Crucially, it involves a 60-minute exercise program targeted at osteoporosis and falls prevention:
Any fitness pro (ideally, ASCM- or ACE-certified) should be able to shape a program that includes all three components.
If you want to ask a qualified trainer to set up a very similar program for you, print out the Intervention
section of the published paper, and the Table 2 chart
showing the training schedule. (You can also download it as a PDF
, in which the Intervention section is on page 4 and Table 2 is on page 7.)
Trial finds “muscle power” exceptionally effective
The Osteo-cise program was tested in 162 men and women aged 60 years, for a full year.
Half took part in the program, while the other half only received information about osteoporosis … and both groups also received vitamin D and calcium supplements to ensure that nutritional shortcomings were not a factor.
After 12 months, the researchers found that those taking part in the Osteo-cise program had significantly greater improvements in their bone density, muscle power, strength and balance.
Susan Boyce, a participant in the study, said that the program was a life-changing experience: “I am now less tired and have more energy as well as more strength in my arms and legs. After a year I had also lost weight and could see from scans that the deterioration in my bone density had leveled off, which is a great result.” (DU 2013)
Following these promising results, the researchers want to see the Osteo-cise program rolled out more widely for people at risk for osteoporosis and fractures.
Deakin University (DU). Exercise program gives older people the power to prevent osteoporosis October 7, 2013. Accessed at http://www.deakin.edu.au/news/2013/071013exerciseandosteoporosis.php
Gianoudis J, Bailey CA, Ebeling PR, Nowson CA, Sanders KM, Hill K, Daly RM. Effects of a targeted multi-modal exercise program incorporating high speed power training on falls and fracture risk factors in older adults: A community-based randomised controlled trial. J Bone Miner Res. 2013 Jun 15. doi: 10.1002/jbmr.2014. [Epub ahead of print]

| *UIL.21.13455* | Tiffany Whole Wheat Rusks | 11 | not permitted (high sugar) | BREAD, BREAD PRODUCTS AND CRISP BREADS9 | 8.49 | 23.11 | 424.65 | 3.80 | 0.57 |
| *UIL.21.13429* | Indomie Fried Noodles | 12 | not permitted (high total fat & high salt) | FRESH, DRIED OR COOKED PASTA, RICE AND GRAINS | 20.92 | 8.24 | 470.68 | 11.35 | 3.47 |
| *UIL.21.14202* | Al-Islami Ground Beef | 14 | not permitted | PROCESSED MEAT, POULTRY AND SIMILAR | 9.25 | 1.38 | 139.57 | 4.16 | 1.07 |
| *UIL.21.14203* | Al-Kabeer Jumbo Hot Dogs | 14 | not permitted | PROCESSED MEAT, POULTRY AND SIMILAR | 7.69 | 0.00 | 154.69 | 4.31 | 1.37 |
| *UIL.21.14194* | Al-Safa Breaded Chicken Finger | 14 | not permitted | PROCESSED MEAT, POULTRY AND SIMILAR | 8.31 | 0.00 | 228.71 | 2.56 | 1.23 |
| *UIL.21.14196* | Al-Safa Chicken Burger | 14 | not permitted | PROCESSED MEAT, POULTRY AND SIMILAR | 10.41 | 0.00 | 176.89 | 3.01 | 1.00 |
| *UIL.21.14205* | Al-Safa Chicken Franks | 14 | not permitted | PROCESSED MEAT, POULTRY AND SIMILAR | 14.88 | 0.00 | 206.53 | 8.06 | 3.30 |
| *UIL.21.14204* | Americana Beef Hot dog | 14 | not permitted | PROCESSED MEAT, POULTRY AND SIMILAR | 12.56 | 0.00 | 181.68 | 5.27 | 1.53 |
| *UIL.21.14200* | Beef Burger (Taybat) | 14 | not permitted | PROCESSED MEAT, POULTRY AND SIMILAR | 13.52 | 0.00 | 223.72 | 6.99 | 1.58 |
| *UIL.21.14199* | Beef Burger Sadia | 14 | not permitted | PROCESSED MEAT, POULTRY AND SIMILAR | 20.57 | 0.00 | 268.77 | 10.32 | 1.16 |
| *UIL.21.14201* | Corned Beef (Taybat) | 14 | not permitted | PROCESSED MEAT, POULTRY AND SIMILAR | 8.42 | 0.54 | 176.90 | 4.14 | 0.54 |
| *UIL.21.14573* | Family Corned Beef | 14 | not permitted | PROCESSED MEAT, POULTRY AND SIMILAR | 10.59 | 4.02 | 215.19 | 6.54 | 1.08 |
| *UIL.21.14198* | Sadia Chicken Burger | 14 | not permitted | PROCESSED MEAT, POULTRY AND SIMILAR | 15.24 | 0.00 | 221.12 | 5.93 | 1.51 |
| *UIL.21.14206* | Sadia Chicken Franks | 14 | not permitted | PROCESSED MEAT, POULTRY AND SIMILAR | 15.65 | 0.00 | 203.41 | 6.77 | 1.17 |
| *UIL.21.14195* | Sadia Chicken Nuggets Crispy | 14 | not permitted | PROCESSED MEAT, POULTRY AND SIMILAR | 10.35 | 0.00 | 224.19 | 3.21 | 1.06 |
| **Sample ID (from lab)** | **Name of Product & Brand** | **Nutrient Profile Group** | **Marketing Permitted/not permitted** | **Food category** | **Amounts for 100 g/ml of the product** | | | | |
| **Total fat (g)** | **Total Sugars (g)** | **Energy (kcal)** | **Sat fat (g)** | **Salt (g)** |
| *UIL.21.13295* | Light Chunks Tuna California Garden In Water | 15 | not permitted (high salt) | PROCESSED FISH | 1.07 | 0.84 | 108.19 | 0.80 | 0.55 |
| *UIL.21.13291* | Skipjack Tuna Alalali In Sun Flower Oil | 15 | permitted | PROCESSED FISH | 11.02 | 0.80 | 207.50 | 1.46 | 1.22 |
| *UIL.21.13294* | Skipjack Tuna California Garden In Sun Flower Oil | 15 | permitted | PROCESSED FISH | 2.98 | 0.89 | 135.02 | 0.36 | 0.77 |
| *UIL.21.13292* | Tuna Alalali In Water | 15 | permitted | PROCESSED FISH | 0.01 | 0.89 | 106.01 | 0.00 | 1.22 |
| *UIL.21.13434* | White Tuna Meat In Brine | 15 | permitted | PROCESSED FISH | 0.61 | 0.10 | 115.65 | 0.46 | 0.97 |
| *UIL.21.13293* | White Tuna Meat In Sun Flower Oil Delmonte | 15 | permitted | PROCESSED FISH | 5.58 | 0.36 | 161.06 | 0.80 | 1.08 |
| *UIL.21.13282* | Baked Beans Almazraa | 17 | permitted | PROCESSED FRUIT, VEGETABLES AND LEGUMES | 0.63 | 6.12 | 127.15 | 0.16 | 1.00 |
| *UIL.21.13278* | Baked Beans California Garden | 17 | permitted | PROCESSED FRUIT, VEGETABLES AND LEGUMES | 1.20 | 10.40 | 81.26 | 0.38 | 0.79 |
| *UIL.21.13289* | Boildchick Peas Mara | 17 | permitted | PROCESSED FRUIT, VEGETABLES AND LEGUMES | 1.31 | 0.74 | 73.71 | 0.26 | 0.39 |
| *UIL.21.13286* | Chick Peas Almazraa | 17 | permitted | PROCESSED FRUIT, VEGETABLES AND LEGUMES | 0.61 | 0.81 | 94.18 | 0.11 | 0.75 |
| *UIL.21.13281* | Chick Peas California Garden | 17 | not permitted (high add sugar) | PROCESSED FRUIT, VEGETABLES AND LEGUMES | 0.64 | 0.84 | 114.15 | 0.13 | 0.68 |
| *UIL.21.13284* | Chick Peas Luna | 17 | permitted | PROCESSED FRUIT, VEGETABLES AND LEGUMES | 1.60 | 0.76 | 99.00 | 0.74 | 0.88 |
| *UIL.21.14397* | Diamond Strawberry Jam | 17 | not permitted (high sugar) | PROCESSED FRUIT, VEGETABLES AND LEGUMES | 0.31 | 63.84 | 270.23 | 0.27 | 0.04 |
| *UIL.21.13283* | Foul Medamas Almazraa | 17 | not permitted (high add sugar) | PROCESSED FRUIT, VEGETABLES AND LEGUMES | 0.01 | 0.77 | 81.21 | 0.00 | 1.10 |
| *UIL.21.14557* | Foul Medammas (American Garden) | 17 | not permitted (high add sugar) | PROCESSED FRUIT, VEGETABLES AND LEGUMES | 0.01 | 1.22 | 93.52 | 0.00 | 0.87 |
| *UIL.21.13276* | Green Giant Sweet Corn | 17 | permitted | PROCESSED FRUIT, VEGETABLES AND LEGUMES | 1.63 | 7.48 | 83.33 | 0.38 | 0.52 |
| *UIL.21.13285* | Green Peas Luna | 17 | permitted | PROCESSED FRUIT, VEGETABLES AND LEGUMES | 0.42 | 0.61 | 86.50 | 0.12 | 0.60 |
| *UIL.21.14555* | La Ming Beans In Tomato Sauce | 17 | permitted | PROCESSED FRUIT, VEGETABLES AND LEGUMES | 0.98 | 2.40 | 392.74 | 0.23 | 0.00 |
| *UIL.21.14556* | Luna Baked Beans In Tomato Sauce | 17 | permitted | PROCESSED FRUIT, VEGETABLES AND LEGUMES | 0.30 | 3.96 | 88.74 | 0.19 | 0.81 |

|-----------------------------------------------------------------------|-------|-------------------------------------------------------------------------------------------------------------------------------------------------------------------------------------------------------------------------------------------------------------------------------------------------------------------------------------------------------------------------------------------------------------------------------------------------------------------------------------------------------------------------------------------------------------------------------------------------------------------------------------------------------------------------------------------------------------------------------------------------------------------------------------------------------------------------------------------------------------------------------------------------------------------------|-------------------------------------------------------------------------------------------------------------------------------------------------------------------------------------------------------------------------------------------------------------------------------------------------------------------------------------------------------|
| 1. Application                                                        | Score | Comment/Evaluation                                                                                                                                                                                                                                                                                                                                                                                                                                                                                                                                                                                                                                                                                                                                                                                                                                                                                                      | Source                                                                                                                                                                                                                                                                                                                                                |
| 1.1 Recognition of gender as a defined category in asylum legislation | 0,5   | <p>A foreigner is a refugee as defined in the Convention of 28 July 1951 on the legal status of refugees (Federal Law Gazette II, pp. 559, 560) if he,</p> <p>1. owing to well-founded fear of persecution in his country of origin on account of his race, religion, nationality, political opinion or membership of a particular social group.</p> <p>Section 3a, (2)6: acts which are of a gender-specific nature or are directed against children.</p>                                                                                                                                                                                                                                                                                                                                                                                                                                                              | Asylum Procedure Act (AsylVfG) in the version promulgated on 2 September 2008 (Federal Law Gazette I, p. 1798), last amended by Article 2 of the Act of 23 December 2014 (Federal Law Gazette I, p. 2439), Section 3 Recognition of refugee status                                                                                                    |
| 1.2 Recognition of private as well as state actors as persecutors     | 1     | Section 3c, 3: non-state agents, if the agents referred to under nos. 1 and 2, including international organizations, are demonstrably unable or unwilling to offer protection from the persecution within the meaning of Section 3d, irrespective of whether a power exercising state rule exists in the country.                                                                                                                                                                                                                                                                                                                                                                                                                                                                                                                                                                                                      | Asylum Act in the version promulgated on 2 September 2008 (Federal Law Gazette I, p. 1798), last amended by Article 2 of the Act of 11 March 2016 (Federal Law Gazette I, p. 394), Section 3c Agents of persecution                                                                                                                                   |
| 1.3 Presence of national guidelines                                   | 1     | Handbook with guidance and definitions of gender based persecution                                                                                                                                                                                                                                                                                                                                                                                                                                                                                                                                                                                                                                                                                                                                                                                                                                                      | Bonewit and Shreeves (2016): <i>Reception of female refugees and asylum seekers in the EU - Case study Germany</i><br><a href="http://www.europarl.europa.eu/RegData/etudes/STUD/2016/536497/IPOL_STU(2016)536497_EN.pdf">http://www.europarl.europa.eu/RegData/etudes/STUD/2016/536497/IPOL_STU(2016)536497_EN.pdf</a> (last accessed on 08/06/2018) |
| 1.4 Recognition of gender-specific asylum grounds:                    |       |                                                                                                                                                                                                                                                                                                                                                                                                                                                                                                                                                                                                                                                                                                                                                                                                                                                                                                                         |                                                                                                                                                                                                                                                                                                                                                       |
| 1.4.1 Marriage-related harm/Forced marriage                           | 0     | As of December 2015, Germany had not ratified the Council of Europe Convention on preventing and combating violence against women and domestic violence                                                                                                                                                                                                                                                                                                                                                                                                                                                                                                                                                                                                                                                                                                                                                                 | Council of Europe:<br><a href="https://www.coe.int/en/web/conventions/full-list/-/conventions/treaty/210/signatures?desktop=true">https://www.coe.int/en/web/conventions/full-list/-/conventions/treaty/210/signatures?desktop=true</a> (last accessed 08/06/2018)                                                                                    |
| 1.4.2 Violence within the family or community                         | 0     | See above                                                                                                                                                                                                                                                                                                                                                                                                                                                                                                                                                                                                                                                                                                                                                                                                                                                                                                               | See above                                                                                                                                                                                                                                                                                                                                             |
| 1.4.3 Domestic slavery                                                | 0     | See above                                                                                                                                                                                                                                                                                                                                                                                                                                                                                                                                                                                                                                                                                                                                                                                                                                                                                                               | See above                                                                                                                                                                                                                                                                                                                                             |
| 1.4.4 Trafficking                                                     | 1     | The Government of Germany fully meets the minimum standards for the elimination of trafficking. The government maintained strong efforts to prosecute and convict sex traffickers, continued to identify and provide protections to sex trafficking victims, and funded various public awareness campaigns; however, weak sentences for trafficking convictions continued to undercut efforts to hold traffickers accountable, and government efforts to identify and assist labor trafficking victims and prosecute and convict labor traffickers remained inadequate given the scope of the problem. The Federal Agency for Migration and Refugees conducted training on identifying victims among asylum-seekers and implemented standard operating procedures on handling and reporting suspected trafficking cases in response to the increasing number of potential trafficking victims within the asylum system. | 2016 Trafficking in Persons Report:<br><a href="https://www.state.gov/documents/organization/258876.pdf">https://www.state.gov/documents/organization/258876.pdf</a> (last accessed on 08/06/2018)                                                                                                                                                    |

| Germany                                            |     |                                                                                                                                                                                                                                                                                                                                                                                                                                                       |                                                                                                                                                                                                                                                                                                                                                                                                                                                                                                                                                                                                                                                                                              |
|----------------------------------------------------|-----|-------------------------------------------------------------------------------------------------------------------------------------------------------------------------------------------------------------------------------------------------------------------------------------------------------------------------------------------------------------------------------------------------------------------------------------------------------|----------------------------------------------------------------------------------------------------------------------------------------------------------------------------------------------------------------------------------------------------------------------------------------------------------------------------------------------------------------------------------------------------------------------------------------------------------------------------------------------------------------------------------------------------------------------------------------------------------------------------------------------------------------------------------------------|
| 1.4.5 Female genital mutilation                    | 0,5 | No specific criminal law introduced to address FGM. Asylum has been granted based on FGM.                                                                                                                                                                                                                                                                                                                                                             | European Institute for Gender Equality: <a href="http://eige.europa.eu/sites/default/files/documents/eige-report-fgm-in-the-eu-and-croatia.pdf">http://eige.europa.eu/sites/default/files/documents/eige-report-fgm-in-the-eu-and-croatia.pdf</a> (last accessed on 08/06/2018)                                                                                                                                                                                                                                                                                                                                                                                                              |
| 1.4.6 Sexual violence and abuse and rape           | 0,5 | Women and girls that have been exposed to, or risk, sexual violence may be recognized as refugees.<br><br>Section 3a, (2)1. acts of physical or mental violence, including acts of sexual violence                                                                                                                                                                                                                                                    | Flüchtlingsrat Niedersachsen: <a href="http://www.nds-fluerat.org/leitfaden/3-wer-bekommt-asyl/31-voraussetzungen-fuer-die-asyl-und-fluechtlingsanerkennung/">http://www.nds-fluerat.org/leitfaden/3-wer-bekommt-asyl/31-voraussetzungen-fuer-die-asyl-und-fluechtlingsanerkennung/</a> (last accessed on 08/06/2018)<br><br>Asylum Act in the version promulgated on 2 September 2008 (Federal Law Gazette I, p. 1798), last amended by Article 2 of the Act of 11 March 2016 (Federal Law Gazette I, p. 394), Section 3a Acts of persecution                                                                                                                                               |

Hourigan SR, Nitz JC, Brauer SG, O'Neill S, Wong J, Richardson CA. Positive effects of exercise on falls and fracture risk in osteopenic women. Osteoporos Int. 2008 Jul;19(7):1077-86. doi: 10.1007/s00198-007-0541-7. Epub 2008 Jan 11.
Henwood TR, Taaffe DR. Short-term resistance training and the older adult: the effect of varied programmes for the enhancement of muscle strength and functional performance. Clin Physiol Funct Imaging. 2006 Sep;26(5):305-13.
Kemmler W, von Stengel S, Engelke K, Häberle L, Kalender WA. Exercise effects on bone mineral density, falls, coronary risk factors, and health care costs in older women: the randomized controlled senior fitness and prevention (SEFIP) study. Arch Intern Med. 2010 Jan 25;170(2):179-85. doi: 10.1001/archinternmed.2009.499.
NIH Osteoporosis and Related Bone Diseases: National Resource Center. Osteoporosis Overview. Accessed at http://www.niams.nih.gov/Health_Info/Bone/Osteoporosis/overview.asp
Shumway-Cook A, Silver IF, LeMier M, York S, Cummings P, Koepsell TD. Effectiveness of a community-based multifactorial intervention on falls and fall risk factors in community-living older adults: a randomized, controlled trial. J Gerontol A Biol Sci Med Sci. 2007 Dec;62(12):1420-7.